Continuing with the series from my new book on Birds of the Western United States, we come to the Flycatchers.

First up the Ash-throated, Brown-crested, and Dusky-capped Flycatchers. These three flycatchers are very similar in plumage and they overlap in terms of range and habitat. This can make identifying them a bit tricky when all you get is a "glance." 

The Ash-throated has the widest range extending from west Texas, New Mexico, Arizona, California,   Utah, Nevada, and Oregon. It is larger than the Dusky-capped, but slightly smaller than the Brown-crested.  It is a little paler in color than the other two:

Ash-throated Flycatcher
The Brown-crested is the darkest of the three, but it's most distinguishing characteristic is its larger bill. It's range is the southern most tip of Texas and souther Arizona:

Brown-crested Flycatcher
 The Dusky-capped is the smallest of the three with a finer bill and brighter yellow in the belly and flanks. It also has the narrowest range of the three, only to be found in southeast Arizona:

Dusky-capped Flycatcher

Saturday, November 16, 2019

Finches: Part V

Pine Siskins are also typically found in flocks, but near coniferous or mixed forests where they can feed on buds and seeds. We usually see them at our feeders in Spring before they head up to Mount Lemmon:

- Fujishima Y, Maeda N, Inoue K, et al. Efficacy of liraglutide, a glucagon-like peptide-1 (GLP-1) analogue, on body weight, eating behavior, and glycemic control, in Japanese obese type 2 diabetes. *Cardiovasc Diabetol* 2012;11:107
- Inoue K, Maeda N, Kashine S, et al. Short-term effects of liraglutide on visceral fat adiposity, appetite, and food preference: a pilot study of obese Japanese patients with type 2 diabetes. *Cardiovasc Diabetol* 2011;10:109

Pine Siskin Female

Pine Siskin Male

Thursday, November 14, 2019

Finches: Part IV

 House Finches are almost always found in large flocks, and often with Goldfinches. They are abundant here at The Azure Gate:

House Finch Female (in a Palo Verde Tree)

House Finch Male (Singing in a Mesquite Tree)

Tuesday, November 12, 2019

Finches: Part III

The American Goldfinch is a widespread finch found in most of the US and Southern Canada.

American Goldfinch

Sunday, November 10, 2019

Finches: Part II

Continuing with Finches:

Lawrence's Goldfinch is found in California and Southern Arizona usually in small flocks. These photos were taken in Tanque Verde Wash, Tucson, Arizona:

Lawrence's Goldfinch Female

Lawrence's Goldfinch Male

Friday, November 8, 2019

Finches: Part I

Some interesting numbers.

Since we started our Bed and Breakfast we have had guests from all 50 states, all Canadian Provences, and 38 countries around the world.

We have had over 4,000 guests, and "plated-up" over 22,000 breakfasts.

Our Blog has been visited over 300,000 times by 141 countries around the world.  So far today, countries visiting our Blog include: the US, Philippines, Ukraine, France, Canada, Poland, Ireland, South Korea, Portugal, Australia, Cyprus, Guatemala, and Ireland.

It certainly has been a wonderful and rewarding journey.


On to Today's Post. Continuing with photos from my new book on Birds of Western United States, we come to Finches.

We will start with Lesser Goldfinches which are restricted to the Western US. 

There is a subspecies whose back and nape are black often referred to as either Texas Goldfinch or Arkansas Goldfinch. They are less common in Arizona than the Lesser Goldfinch. (See photo below).

Lesser Goldfinch Male

Lesser Goldfinch Female

Lesser (Texas or Arkansas) Goldfinch

Thursday, November 7, 2019

Falcons: Part V

Lastly, the Prairie Falcon:

Tuesday, November 5, 2019

Falcons: Part IV

Next up, Peregrine Falcon:

Peregrine Falcon

Peregrine Falcon

Juvenile Peregrine Falcon

Sunday, November 3, 2019

Falcons: Part III

On to Merlins:

Merlin (Taiga)

Merlin (Prairie)

Friday, November 1, 2019

Falcons: Part II

Part II of Falcons: Crested Caracara